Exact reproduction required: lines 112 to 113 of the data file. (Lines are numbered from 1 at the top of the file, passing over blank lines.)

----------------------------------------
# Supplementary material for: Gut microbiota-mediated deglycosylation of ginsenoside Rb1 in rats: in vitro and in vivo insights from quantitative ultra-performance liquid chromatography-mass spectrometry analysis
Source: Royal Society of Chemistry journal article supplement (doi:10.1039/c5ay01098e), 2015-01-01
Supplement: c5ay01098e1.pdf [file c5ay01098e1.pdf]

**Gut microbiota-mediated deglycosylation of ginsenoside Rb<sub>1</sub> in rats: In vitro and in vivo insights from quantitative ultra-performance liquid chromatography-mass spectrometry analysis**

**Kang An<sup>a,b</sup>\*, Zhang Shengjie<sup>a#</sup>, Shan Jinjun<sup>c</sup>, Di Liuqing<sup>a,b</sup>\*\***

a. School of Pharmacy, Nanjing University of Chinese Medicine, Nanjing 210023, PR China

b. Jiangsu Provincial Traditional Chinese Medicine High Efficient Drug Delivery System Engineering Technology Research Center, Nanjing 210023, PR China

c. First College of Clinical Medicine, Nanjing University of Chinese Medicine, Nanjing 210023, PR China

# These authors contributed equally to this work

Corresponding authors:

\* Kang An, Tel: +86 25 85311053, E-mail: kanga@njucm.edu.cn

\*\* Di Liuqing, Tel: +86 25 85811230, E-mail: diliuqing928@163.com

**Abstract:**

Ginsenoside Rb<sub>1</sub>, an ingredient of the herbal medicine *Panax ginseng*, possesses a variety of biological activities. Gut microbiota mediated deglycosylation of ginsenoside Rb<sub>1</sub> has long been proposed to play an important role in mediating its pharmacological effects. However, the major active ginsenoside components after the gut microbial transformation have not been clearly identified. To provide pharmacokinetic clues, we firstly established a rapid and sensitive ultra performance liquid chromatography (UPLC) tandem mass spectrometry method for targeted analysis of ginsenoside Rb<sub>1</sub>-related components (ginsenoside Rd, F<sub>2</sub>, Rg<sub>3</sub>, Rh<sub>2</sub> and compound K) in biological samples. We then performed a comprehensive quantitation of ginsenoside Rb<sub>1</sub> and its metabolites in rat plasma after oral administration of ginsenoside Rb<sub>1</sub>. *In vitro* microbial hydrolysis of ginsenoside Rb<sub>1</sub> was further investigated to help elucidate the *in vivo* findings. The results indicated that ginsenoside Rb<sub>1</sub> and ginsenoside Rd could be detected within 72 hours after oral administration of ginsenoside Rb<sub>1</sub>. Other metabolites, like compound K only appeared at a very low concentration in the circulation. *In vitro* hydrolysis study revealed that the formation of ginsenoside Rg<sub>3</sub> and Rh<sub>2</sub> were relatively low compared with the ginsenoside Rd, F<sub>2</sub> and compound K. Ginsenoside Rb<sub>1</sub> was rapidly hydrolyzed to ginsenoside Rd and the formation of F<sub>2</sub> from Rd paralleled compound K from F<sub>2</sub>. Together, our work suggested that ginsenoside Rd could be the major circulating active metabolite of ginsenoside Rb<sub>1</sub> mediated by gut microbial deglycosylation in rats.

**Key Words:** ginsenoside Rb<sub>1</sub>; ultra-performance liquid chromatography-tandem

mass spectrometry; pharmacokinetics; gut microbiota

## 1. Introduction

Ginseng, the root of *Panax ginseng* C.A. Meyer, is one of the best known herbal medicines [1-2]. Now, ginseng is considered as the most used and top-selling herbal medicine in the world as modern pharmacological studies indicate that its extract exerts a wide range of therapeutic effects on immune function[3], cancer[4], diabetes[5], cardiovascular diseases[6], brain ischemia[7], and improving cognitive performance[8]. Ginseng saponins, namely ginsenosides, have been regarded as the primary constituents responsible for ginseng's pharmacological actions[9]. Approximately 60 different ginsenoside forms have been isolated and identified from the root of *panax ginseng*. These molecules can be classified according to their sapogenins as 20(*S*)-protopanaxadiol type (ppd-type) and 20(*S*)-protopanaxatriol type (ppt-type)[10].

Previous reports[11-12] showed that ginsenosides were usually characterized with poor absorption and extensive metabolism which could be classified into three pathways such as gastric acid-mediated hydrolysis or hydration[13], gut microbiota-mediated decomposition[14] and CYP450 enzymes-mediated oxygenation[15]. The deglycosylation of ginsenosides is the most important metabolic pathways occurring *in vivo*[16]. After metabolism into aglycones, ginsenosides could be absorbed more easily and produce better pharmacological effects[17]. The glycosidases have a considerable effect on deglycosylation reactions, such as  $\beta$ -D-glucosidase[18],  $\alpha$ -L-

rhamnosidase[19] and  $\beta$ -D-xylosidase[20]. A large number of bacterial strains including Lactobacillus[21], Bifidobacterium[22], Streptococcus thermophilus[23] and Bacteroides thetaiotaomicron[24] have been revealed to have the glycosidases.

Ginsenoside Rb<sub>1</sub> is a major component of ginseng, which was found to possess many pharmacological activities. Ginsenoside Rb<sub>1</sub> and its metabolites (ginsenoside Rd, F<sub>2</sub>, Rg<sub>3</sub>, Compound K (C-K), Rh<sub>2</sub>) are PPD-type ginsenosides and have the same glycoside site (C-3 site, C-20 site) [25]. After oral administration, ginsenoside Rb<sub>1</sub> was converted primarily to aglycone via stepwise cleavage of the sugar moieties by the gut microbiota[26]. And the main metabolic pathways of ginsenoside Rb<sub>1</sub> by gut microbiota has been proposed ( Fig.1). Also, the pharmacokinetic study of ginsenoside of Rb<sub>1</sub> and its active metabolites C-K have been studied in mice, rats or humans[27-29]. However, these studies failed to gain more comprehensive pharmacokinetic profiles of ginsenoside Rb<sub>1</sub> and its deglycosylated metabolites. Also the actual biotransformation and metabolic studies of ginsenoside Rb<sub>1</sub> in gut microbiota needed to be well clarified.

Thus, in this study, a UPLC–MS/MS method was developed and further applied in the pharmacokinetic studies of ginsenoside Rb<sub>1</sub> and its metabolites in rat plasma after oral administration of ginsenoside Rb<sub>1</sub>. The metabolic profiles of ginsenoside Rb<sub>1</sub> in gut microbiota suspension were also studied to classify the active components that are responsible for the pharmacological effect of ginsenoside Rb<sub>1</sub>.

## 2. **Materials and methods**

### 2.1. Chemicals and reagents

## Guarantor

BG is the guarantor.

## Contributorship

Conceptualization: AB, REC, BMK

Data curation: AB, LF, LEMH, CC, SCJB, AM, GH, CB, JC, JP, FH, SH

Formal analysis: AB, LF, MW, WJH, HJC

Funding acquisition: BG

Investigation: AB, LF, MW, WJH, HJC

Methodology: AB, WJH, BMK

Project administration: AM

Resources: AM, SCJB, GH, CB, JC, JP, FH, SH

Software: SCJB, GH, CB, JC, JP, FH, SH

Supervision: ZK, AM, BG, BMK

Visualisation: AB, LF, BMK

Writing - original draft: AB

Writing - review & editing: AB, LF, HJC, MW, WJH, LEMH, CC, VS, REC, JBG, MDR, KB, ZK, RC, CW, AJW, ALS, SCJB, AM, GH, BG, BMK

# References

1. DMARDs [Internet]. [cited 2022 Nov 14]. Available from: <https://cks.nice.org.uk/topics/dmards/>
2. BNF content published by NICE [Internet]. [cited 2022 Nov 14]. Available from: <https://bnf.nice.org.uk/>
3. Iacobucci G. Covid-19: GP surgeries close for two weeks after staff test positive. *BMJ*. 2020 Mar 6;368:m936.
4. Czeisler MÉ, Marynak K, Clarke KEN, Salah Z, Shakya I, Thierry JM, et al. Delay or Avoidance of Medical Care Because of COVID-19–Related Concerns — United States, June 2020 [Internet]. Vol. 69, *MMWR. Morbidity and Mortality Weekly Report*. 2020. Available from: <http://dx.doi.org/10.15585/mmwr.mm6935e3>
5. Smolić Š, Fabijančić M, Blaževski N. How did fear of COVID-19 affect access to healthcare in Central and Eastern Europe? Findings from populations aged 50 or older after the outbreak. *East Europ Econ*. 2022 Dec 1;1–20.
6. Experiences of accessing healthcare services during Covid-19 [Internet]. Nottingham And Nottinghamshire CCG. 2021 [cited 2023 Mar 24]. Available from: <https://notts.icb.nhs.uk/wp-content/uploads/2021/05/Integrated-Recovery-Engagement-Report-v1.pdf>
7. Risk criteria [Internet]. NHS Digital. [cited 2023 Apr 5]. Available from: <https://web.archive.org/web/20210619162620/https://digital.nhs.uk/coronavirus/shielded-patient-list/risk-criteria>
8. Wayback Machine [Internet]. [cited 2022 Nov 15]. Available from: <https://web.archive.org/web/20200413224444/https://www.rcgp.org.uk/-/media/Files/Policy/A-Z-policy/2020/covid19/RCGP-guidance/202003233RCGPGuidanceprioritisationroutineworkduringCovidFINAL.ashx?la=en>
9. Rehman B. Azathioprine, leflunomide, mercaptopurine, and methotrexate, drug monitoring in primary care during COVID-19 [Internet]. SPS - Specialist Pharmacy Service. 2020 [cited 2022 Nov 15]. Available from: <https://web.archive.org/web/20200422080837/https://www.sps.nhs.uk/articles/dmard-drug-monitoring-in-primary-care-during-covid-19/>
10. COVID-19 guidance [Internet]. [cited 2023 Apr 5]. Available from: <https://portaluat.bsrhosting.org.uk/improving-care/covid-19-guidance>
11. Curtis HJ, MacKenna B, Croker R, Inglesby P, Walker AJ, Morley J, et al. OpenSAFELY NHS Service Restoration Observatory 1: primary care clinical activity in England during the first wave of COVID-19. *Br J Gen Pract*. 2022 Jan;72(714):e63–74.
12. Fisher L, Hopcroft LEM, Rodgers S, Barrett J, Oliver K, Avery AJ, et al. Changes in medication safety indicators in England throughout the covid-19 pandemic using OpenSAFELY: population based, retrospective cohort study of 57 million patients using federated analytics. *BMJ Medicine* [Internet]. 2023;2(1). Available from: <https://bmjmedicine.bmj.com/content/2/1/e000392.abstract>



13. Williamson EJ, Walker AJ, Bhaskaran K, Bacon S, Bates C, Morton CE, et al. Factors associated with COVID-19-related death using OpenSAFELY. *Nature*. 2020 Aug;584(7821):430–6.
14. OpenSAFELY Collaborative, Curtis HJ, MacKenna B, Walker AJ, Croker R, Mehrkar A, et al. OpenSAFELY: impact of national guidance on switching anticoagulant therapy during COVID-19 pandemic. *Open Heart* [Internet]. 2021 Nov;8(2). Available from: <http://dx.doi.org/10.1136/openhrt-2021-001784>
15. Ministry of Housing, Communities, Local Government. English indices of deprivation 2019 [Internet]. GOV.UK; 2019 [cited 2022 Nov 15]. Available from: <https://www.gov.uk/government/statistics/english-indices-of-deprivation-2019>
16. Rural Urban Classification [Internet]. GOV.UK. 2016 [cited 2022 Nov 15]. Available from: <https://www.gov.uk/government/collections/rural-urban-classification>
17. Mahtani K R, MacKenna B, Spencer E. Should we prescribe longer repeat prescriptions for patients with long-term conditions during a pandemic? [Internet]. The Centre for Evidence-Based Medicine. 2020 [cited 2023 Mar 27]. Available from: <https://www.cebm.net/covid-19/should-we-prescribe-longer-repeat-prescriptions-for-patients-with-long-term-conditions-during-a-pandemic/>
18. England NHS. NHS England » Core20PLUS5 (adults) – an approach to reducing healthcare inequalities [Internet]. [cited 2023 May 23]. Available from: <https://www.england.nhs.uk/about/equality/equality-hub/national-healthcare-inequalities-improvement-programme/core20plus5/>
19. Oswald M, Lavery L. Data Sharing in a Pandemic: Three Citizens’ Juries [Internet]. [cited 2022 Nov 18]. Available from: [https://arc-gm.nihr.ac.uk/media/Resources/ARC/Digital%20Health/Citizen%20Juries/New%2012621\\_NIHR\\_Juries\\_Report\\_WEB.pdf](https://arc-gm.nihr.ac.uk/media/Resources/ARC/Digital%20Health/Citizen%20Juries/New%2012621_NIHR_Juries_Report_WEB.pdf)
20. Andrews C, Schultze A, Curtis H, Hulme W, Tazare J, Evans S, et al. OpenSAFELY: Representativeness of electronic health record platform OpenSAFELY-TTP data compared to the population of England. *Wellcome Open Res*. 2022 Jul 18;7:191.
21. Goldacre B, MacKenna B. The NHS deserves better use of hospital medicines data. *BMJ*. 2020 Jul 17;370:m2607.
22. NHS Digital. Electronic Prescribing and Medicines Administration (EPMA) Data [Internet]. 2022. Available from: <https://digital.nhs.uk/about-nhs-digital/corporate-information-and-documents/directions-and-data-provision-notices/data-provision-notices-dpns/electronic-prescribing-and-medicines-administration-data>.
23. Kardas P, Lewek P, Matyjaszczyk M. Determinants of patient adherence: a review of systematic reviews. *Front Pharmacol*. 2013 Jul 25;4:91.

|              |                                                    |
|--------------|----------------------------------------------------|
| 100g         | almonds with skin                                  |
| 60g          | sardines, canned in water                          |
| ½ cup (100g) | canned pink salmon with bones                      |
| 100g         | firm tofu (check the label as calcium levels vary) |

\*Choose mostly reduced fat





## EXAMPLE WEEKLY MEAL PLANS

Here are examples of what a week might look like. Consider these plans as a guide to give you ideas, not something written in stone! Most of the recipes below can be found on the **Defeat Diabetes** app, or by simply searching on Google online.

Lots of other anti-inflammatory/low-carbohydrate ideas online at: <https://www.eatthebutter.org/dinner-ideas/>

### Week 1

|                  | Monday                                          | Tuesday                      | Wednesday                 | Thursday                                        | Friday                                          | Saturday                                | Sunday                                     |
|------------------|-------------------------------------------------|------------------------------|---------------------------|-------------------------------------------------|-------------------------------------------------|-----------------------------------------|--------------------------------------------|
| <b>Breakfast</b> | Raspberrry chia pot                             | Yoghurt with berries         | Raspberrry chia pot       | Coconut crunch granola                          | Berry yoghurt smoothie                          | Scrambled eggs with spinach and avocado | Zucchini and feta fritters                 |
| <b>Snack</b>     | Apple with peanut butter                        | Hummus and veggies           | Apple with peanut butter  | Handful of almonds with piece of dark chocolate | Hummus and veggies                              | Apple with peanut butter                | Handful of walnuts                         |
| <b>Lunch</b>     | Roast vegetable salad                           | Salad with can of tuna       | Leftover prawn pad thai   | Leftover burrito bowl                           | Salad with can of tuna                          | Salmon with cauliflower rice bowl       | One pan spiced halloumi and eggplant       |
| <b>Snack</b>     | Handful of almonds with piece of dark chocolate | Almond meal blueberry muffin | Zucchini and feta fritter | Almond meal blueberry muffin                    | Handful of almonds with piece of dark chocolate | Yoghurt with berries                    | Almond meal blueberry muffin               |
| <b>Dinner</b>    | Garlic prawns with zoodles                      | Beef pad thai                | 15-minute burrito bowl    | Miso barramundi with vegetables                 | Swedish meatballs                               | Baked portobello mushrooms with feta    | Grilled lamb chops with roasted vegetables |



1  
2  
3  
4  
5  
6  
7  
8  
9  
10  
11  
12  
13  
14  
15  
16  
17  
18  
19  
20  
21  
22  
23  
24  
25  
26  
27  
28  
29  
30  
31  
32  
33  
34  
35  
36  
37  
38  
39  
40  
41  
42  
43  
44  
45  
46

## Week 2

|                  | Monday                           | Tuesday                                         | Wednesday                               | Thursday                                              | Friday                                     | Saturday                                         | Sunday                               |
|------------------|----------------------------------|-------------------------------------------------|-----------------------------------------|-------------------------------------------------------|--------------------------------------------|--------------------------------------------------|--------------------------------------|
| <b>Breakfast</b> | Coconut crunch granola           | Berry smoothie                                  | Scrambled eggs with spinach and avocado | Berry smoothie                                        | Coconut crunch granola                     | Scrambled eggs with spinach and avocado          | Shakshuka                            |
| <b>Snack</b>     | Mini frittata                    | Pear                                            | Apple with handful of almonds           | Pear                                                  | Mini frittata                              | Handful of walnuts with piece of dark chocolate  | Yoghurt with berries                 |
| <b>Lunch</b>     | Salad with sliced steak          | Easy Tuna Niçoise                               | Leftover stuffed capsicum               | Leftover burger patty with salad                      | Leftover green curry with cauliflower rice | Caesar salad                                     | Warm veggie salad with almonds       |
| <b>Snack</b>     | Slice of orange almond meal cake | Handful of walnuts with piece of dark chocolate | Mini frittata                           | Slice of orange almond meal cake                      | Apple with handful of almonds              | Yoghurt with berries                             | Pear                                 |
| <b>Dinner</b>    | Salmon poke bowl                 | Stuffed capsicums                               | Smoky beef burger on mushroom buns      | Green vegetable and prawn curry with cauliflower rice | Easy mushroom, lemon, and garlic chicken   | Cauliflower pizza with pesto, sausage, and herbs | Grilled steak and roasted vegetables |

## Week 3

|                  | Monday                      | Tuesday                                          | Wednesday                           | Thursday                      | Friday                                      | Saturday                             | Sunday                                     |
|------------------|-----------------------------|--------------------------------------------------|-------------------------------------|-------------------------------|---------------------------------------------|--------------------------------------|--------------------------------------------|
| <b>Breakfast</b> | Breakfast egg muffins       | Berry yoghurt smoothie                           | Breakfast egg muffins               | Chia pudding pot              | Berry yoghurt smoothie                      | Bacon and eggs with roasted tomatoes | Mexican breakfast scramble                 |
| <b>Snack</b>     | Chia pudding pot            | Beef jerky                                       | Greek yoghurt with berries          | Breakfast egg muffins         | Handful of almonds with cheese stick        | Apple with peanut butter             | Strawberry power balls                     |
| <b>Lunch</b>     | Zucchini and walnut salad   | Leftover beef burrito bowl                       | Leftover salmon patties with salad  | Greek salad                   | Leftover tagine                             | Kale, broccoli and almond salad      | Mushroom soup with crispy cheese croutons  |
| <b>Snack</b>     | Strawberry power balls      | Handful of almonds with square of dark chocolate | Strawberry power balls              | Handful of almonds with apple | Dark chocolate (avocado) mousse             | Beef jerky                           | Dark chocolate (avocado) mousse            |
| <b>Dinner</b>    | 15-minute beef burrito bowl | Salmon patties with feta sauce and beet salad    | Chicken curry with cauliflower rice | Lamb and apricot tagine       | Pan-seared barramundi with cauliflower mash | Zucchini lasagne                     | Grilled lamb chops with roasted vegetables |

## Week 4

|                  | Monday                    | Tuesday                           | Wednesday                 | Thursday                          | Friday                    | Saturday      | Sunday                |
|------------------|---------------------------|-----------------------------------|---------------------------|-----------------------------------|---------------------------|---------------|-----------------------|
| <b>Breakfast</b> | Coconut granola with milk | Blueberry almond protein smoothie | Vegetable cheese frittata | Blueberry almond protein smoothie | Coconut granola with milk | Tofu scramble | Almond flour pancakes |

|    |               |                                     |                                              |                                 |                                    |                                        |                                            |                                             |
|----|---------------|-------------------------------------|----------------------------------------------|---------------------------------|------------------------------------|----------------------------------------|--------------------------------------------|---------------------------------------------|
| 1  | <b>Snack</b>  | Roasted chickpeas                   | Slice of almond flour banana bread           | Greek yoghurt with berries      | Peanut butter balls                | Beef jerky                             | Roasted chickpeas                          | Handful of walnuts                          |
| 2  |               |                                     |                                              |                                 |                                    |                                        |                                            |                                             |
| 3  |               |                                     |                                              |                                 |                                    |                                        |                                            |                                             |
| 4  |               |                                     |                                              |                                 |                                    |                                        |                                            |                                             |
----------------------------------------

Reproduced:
30  
31  